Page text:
The springboard for Microsoft’s dominance of the market for software was IBM’s 1980 selection of Microsoft DOS as the operating system for IBM’s popular line of personal computers (PCs). A computer’s operating system is the basic set of instructions it follows. It acts as the go-between that makes the machine (or “hardware”) interact productively with the programs (or “software”) that instruct a PC to perform such tasks as word processing, data analysis, electronic communications or computerised games. By licensing DOS to IBM and dozens of manufacturers of cheap IBM clones, Microsoft gained entry in to more than 120 million PCs around the world.

Once Microsoft’s operating systems became the industry standard, many consumers were reluctant to invest the time and frustration needed to master a new operating system. Consumers also shopped for computer products that were compatible with DOS and its more user-friendly offspring, Windows. Since demand was limited for PCs that lacked Microsoft operating systems, PC manufacturers felt compelled to license this technology on terms dictated by Microsoft.

Similarly, Microsoft operating systems were the means through which most software interacted with a PC, which gave Microsoft significant control over software production. To be a relevant player in the PC market, most software engineers must design programs to work with the operating systems that Microsoft is continually updating.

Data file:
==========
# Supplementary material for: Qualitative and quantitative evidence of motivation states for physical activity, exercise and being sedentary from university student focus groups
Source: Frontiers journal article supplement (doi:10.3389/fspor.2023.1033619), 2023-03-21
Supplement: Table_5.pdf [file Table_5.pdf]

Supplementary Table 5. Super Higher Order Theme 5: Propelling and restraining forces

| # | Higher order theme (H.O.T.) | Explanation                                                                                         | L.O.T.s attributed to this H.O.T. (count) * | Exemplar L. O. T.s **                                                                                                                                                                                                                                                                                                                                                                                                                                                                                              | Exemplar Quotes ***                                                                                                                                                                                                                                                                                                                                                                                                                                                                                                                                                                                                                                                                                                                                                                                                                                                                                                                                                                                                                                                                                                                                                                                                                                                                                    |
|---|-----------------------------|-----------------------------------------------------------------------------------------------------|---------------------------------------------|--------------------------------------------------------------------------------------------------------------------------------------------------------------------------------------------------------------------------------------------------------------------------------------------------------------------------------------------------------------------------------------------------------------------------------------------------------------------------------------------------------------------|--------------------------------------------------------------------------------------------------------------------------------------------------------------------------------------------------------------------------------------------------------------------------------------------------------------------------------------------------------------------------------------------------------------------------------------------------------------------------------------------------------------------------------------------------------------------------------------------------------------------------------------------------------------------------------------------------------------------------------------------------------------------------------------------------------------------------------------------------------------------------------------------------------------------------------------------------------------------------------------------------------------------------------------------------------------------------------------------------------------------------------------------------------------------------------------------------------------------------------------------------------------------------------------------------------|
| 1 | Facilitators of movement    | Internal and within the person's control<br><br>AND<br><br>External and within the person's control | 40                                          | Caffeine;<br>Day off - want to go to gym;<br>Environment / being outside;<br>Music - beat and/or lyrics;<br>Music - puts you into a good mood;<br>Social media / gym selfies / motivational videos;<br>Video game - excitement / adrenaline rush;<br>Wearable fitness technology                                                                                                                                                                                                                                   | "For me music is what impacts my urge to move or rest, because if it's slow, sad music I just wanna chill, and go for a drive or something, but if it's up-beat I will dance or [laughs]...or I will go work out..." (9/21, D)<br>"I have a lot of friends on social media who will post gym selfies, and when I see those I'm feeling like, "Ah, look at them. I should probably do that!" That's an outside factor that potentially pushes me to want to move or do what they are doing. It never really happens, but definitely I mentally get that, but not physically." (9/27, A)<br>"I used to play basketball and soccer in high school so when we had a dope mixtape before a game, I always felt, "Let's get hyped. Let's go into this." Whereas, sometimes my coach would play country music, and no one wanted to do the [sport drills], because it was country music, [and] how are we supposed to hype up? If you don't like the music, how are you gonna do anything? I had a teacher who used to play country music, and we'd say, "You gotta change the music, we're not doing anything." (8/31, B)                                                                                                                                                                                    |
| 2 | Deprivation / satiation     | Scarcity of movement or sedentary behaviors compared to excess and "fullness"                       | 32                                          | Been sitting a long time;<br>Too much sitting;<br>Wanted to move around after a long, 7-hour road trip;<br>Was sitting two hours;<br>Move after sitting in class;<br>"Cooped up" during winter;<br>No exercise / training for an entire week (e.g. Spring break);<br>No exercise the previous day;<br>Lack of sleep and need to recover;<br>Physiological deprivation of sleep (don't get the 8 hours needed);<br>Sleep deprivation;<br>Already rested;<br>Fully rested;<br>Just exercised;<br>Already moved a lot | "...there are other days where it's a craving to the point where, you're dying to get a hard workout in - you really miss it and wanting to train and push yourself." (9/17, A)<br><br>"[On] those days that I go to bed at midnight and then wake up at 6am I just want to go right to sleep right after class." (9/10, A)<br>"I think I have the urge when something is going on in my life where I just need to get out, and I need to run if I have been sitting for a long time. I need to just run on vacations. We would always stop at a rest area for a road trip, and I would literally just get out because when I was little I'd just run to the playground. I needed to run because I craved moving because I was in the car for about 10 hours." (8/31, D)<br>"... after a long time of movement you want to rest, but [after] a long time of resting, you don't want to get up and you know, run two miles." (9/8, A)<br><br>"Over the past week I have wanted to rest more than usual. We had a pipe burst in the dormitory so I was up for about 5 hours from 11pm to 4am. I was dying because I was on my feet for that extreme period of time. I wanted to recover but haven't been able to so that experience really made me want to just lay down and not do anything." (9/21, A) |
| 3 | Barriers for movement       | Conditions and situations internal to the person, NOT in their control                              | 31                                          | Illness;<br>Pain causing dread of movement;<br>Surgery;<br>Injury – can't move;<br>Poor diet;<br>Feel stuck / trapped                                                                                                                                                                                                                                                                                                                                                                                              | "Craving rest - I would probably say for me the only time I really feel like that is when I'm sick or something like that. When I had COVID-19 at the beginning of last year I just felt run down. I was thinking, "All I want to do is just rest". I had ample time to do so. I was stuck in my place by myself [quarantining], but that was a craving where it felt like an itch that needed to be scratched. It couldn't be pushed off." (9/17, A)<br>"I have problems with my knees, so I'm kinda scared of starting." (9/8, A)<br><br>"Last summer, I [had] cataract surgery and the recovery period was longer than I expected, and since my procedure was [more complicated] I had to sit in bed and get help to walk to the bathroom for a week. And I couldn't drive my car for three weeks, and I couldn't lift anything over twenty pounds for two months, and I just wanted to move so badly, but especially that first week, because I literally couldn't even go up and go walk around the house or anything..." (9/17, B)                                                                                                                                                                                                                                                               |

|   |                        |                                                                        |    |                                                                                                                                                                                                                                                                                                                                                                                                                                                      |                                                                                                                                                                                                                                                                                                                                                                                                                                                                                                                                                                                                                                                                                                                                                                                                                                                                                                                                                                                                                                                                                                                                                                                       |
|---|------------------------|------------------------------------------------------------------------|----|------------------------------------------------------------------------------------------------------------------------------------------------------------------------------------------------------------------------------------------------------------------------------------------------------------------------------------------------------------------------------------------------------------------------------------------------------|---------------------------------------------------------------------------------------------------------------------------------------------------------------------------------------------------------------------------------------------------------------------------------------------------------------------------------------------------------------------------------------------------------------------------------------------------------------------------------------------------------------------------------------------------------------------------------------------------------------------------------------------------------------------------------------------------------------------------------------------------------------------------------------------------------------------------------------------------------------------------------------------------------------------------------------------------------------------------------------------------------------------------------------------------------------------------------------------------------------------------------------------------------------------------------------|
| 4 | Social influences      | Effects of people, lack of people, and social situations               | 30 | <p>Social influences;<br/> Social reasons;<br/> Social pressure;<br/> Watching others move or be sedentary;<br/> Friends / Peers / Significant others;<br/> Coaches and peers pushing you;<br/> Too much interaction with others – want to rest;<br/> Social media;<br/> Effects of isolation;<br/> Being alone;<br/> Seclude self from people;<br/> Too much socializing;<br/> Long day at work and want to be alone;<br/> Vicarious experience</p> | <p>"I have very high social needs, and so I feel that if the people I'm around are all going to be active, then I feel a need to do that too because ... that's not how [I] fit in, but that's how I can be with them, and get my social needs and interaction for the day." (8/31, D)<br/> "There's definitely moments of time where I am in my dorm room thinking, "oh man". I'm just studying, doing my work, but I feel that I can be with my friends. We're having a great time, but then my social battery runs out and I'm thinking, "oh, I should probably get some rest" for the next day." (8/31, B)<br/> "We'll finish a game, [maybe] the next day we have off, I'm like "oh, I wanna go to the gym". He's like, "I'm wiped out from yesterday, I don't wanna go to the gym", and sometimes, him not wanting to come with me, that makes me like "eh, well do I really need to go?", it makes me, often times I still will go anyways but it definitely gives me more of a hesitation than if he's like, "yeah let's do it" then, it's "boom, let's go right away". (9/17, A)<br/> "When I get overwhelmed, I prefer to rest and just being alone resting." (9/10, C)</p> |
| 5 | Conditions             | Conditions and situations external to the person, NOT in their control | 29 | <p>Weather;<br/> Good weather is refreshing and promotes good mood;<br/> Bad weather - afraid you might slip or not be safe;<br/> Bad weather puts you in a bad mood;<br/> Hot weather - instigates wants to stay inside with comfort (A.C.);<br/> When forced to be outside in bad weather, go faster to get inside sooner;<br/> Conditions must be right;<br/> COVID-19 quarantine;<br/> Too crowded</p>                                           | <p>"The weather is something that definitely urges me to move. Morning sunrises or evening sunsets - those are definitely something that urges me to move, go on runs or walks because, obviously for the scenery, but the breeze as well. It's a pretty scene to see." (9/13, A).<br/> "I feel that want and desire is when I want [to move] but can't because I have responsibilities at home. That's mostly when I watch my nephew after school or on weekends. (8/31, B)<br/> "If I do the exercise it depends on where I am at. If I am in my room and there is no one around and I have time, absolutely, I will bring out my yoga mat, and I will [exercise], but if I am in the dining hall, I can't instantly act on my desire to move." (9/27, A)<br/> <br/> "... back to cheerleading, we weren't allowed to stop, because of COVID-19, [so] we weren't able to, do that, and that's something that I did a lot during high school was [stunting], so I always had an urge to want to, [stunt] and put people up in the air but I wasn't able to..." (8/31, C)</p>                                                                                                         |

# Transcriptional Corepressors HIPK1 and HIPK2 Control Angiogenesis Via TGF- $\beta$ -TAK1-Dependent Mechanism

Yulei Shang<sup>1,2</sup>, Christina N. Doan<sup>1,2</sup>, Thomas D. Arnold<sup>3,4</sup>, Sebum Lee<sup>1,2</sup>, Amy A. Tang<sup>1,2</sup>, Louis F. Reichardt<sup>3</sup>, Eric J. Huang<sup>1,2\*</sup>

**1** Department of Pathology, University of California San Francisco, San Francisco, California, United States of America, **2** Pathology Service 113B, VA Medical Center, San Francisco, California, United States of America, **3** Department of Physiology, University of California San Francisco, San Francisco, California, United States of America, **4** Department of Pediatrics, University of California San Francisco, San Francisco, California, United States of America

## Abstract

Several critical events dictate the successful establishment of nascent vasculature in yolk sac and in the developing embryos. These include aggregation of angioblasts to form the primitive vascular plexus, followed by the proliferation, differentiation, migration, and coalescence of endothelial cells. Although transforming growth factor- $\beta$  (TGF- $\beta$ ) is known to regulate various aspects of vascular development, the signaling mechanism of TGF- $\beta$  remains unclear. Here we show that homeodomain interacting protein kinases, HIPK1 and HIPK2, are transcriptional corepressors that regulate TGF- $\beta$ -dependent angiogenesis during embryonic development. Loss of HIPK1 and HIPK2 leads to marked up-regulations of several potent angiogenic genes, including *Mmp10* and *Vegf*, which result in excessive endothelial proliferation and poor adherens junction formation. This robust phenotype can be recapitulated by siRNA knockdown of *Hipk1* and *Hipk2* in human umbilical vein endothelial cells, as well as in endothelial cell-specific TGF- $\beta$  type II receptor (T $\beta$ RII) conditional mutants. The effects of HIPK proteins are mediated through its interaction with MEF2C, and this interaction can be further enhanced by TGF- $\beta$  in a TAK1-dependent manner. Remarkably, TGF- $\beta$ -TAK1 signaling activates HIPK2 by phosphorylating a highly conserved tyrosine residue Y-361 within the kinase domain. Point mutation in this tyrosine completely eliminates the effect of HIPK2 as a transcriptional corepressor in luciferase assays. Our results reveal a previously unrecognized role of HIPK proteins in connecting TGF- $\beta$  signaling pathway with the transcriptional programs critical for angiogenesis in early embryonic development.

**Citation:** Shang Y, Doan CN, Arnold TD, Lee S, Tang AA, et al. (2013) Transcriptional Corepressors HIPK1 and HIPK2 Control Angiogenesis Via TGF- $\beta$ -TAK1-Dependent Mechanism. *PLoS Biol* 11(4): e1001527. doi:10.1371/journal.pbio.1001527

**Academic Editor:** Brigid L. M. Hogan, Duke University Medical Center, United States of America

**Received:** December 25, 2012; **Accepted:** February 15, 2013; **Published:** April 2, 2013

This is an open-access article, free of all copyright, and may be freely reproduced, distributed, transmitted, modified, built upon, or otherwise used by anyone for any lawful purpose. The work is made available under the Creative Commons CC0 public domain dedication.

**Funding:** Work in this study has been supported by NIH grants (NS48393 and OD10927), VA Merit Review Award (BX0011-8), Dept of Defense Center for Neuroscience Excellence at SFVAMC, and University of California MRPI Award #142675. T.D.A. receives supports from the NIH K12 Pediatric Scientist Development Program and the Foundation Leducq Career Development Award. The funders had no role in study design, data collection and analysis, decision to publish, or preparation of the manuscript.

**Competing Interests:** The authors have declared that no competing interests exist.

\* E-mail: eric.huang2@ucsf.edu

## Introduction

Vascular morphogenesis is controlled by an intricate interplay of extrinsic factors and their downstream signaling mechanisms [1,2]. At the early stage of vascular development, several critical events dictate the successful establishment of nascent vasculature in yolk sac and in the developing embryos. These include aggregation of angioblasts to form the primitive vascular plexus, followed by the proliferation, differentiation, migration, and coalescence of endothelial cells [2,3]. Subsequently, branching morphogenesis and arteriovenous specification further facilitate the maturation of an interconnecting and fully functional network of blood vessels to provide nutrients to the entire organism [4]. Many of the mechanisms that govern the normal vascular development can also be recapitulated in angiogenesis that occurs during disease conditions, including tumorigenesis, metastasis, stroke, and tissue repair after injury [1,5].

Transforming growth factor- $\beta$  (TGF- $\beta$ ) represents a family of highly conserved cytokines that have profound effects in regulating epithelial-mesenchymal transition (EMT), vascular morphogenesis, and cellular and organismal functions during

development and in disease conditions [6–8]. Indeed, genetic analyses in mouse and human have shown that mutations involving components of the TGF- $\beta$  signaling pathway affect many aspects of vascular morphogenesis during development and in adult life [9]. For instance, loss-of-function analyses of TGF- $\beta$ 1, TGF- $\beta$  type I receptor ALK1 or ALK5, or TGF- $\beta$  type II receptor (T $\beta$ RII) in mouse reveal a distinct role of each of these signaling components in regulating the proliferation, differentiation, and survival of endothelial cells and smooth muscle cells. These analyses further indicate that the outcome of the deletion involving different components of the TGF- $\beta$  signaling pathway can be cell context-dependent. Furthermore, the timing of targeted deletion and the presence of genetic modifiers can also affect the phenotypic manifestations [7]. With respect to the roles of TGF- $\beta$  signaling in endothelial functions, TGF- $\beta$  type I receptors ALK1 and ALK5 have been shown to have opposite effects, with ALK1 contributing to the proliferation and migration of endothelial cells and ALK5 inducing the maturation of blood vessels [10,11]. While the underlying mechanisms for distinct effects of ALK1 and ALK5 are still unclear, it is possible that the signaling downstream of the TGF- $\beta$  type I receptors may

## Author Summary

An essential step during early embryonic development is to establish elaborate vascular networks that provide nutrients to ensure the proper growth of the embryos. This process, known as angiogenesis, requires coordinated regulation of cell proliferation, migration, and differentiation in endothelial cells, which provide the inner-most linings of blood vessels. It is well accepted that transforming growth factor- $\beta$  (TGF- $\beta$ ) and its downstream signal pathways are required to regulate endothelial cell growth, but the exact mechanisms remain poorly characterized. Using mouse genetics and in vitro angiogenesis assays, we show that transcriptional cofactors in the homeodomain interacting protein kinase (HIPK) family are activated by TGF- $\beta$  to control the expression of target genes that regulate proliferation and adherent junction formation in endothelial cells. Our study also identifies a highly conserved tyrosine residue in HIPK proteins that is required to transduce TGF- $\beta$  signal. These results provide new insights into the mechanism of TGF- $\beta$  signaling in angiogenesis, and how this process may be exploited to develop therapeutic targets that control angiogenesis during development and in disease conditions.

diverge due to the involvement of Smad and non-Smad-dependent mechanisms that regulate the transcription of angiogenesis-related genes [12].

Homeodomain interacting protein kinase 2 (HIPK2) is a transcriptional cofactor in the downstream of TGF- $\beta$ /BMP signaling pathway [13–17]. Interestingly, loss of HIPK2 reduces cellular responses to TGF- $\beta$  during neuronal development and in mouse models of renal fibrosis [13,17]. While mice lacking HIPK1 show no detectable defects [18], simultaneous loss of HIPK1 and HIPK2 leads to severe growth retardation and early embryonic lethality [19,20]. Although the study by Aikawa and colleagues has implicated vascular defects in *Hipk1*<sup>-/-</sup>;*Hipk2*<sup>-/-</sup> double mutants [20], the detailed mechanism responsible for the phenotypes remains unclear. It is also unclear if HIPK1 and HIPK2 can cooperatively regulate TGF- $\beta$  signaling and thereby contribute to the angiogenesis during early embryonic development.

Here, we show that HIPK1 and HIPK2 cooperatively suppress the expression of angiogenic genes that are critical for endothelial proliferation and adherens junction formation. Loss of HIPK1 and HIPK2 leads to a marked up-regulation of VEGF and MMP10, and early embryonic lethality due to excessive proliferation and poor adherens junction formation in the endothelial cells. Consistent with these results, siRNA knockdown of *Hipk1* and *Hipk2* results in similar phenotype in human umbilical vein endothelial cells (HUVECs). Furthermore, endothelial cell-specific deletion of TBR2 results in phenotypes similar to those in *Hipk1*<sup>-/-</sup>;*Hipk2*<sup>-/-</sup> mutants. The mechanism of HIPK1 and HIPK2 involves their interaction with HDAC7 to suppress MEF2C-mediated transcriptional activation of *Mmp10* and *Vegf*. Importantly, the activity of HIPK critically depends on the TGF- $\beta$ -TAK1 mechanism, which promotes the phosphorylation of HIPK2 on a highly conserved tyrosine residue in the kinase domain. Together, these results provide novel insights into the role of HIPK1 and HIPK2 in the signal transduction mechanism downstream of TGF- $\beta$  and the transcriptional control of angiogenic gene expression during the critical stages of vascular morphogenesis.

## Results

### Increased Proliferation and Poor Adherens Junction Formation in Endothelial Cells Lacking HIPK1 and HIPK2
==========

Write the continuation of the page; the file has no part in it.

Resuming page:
Software developed by engineers with incomplete information about an operating system is likely to contain serious flaws. Obviously, the company with the most up-to-date information about Microsoft operating systems is Microsoft. This is an increasingly decisive advantage, as Microsoft aggressively seeks to acquire rival software companies and expand its offerings of in-house software and other spin-off products. Another advantage Microsoft enjoys is that many software companies submit prototypes of their newest products to ensure that they will be compatible with next-generation versions of Microsoft operating systems, a practice that gives Microsoft an opportunity to preview competitors’ new software.